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Alan Hughes: Meeting FCA expectations of principal firms

These companies should ensure their systems and controls address recent issues found by the regulator

Last month, the FCA published its findings into a review of how principal firms in the investment management sector understood and complied with their responsibilities in respect of their authorised representatives.

The firms covered a diverse range of regulated businesses, but some of the findings are clearly applicable to all principal/AR models. According to the results, some principal firms either do not understand the basics of the principal/AR relationship and how the regulatory framework applies, or they are (or were) hoping to fly under the radar.

The following are issues it is clear the FCA will now look at when supervising all principal firms.

Governance systems
Does the principal firm have a proper understanding of the impact of appointing ARs on its own business model, and has the firm put in place appropriate systems and controls to manage the risks associated with appointing ARs?

The FCA found many principal firms had completely inadequate governance systems in place to address this issue, which is fundamental to the principal/AR model. The principal is the authorised firm and is responsible for everything the AR does. If there is a problem with the AR’s business or conduct, it is the principal firm that will be subject to FCA supervisory or enforcement action.

The FCA was understandably surprised that many principal firms did not appear to grasp this concept, and properly assess and manage the risk to the principal (and customers) accordingly.

One way in which this demonstrated itself was in the failure of principals to monitor their ARs adequately. The FCA found that:

  • Not one of the 338 principal firms in question regularly reviewed their ARs’ websites – and many of those websites contained non-compliant financial promotions;
  • Many principals referred to the ARs as their “clients”. While commercially this may be the case, this type of language is a red rag to a bull as far as the FCA is concerned, indicating a lack of focus by a principal firm on customer outcomes. It is reminiscent of criticism by the regulator in historic cases of spectacular network failure. The principal should be focused on its responsibilities for its ARs’ business, not just on the commercial arrangements with the ARs;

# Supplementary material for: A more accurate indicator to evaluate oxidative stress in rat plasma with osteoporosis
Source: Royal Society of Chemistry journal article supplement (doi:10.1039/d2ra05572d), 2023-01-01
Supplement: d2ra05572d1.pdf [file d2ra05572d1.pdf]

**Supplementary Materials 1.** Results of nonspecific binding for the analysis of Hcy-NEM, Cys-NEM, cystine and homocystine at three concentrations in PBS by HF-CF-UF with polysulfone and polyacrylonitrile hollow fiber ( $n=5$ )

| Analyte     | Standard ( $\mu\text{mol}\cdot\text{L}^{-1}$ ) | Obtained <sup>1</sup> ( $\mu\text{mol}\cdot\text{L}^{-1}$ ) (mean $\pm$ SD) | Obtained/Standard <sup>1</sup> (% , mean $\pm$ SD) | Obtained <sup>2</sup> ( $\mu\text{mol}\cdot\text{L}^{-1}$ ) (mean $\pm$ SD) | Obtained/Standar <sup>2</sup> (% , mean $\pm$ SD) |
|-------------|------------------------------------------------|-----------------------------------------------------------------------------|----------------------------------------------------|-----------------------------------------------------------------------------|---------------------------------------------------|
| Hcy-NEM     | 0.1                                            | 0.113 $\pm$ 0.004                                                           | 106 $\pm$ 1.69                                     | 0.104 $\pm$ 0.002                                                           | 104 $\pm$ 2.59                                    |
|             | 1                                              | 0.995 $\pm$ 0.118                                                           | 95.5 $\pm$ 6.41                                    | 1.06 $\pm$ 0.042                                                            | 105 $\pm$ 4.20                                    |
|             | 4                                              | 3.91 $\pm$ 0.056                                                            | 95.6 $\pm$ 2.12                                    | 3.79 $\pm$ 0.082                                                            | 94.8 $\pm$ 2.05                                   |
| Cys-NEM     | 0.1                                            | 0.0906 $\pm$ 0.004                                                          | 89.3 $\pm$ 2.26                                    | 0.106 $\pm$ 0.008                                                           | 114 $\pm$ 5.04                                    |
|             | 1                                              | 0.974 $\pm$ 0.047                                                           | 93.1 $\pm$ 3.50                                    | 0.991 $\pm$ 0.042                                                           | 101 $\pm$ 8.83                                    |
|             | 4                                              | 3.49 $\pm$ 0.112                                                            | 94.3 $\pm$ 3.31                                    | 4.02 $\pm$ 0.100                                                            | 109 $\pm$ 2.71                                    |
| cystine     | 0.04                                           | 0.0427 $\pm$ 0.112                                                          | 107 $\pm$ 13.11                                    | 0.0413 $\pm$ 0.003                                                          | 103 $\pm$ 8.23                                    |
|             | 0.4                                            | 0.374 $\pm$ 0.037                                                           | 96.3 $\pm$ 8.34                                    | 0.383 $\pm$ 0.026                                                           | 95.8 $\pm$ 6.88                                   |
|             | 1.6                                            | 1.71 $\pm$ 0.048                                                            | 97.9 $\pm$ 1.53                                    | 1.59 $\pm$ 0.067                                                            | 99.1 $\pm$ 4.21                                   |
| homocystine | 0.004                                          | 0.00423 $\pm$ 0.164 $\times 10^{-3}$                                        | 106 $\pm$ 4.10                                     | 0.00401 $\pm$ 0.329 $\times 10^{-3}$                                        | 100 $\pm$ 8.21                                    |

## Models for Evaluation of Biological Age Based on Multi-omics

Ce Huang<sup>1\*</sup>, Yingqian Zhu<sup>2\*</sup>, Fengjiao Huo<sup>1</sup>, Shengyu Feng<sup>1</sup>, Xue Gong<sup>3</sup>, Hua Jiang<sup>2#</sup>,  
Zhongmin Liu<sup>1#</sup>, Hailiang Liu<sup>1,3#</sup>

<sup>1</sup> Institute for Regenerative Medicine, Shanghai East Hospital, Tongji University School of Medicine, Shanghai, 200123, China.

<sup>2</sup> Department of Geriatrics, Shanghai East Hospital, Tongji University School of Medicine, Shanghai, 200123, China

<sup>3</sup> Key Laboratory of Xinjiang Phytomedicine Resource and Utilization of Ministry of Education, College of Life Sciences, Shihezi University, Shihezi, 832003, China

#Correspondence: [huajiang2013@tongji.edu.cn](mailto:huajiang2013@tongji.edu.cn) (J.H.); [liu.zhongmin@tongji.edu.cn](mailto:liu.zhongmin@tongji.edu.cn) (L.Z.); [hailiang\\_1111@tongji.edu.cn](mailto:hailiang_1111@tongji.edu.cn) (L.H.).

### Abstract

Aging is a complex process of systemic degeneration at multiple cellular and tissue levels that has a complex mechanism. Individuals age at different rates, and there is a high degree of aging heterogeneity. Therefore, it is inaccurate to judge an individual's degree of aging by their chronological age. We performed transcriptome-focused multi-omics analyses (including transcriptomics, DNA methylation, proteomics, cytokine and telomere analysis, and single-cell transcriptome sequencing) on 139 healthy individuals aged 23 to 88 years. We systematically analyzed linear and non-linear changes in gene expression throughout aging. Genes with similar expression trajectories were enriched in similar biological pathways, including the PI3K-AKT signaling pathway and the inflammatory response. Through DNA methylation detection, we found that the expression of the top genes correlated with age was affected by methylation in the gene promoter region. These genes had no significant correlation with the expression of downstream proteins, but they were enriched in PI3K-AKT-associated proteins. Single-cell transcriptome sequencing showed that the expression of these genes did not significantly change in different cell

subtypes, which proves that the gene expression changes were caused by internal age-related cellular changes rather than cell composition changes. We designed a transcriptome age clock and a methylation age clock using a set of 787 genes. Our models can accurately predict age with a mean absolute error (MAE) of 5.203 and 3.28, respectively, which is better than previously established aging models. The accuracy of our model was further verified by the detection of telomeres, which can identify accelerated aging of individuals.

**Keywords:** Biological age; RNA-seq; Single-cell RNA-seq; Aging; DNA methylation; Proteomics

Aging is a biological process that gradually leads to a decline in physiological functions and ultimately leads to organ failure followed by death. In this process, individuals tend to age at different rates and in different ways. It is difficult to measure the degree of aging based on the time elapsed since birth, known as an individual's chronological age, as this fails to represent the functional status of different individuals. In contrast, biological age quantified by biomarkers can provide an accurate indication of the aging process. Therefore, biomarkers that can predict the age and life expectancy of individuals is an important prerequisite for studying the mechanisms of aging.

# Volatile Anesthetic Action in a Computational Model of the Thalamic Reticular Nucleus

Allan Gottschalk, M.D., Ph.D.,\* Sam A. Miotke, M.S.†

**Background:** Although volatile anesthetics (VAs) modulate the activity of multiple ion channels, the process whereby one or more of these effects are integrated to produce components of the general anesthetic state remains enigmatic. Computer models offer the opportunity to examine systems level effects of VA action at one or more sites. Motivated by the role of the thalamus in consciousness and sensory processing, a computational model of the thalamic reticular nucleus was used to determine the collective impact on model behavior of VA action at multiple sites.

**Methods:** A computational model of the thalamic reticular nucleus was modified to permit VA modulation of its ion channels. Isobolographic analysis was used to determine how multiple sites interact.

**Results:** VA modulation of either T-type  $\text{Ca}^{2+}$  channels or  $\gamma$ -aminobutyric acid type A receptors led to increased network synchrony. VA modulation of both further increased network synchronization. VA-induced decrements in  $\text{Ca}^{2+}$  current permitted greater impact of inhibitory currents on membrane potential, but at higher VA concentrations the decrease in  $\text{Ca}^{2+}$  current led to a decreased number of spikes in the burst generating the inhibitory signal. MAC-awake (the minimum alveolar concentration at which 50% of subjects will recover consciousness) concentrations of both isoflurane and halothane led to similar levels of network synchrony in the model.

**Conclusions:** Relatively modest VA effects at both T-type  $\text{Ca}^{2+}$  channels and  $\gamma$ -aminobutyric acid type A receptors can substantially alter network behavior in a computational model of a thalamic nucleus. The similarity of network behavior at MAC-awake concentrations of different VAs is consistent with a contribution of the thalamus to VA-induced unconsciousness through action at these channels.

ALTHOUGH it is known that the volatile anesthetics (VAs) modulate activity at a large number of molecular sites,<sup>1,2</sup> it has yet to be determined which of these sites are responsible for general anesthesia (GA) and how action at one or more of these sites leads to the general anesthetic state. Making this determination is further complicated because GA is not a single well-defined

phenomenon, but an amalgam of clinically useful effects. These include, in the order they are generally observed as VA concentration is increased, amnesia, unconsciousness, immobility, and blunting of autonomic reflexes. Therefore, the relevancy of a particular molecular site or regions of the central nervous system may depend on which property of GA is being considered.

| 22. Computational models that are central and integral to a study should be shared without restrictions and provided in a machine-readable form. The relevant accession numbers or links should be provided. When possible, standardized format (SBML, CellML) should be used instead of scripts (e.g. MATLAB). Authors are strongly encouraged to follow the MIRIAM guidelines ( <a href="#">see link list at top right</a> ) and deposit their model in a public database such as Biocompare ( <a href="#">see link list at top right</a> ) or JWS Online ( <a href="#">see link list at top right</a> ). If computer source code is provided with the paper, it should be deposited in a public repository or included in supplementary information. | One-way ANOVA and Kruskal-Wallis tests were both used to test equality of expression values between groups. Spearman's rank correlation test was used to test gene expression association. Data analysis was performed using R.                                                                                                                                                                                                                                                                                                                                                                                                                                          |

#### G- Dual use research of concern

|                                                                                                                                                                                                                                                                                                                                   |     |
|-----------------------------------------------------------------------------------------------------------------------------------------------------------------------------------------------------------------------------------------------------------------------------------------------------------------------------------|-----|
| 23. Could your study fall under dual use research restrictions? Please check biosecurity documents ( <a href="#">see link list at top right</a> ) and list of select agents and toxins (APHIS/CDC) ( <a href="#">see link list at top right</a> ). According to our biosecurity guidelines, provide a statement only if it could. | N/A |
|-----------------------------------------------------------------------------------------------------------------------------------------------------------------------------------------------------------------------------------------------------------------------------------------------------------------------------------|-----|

• Many principals were over-reliant on “attestations” by their ARs, but failed to undertake any checking or monitoring of whether ARs were doing what they said they were, or indeed doing it in compliance with regulatory requirements;
  • Many principals did not appear to understand their ARs’ business models particularly well and ended up being responsible for a host of different models, but lacking the skills, resources and staff to oversee them adequately;
  • Several principals maintained relationships with what they believed to be inactive or dormant ARs for long periods. While this may sound innocuous, it indicates a lack of engagement between the principal and AR, with the principal not understanding why the AR wished to remain as an AR, and it could create risk for customers if the AR conducted regulated activities without the principal’s oversight.

Underpaying fees
Meanwhile, the FCA found some principals did not include AR revenues when submitting fee tariff data to the regulator, meaning those principals were underpaying fees by potentially significant amounts.

Like any form of “taxation”, this results in other fee-payers having to make up the difference.

Senior managers
The regulator also made an indirect reference to the Senior Managers Regime, stating: “Deficient risk management frameworks mean directors are unable to adequately discharge their responsibilities of providing oversight and direction.” This is a clear indication that directors of principals will be held personally responsible for these types of failings in the future.

So the expectations of the FCA for principal firms are clear. Principal firms should:

  • Understand AR firms’ business models from the outset. When taking on an AR, a principal firm should have an audit trail showing it has properly assessed the AR, the type of business it intends to conduct and with whom, and the risks it may pose;
  • Monitor ARs properly on an ongoing basis. Are they conducting the type of business expected? Are they doing this in line with the principal’s procedures? Has anything changed? If an AR appears to have stopped conducting business, does the principal understand why?
  • Have systems and controls which adequately and consistently address the risks to the principal and customers posed by ARs and their business models. Can the directors of the principal show how they are managing those risks?
  • Have clear internal governance arrangements, allocating responsibility to key individuals (i.e. the senior managers) for the key areas of business activity of the principal. Those senior managers will be individually accountable for those areas, which will (or at least should) encourage them to ensure they have sufficient oversight of each area to discharge that duty.

All principal firms should consider the results of the FCA’s findings, and ensure their own systems and controls address them.

Their Senior Managers and Certification Regime projects should also take those findings into account.

Alan Hughes is partner at Foot Anstey


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There is one comment at the moment, we would love to hear your opinion too.

  1. i don’t think you can discuss this subject without the word “Ovcharenko” coming up. If you’re the director of a principal and haven’t heard this word before, talk to your lawyers.

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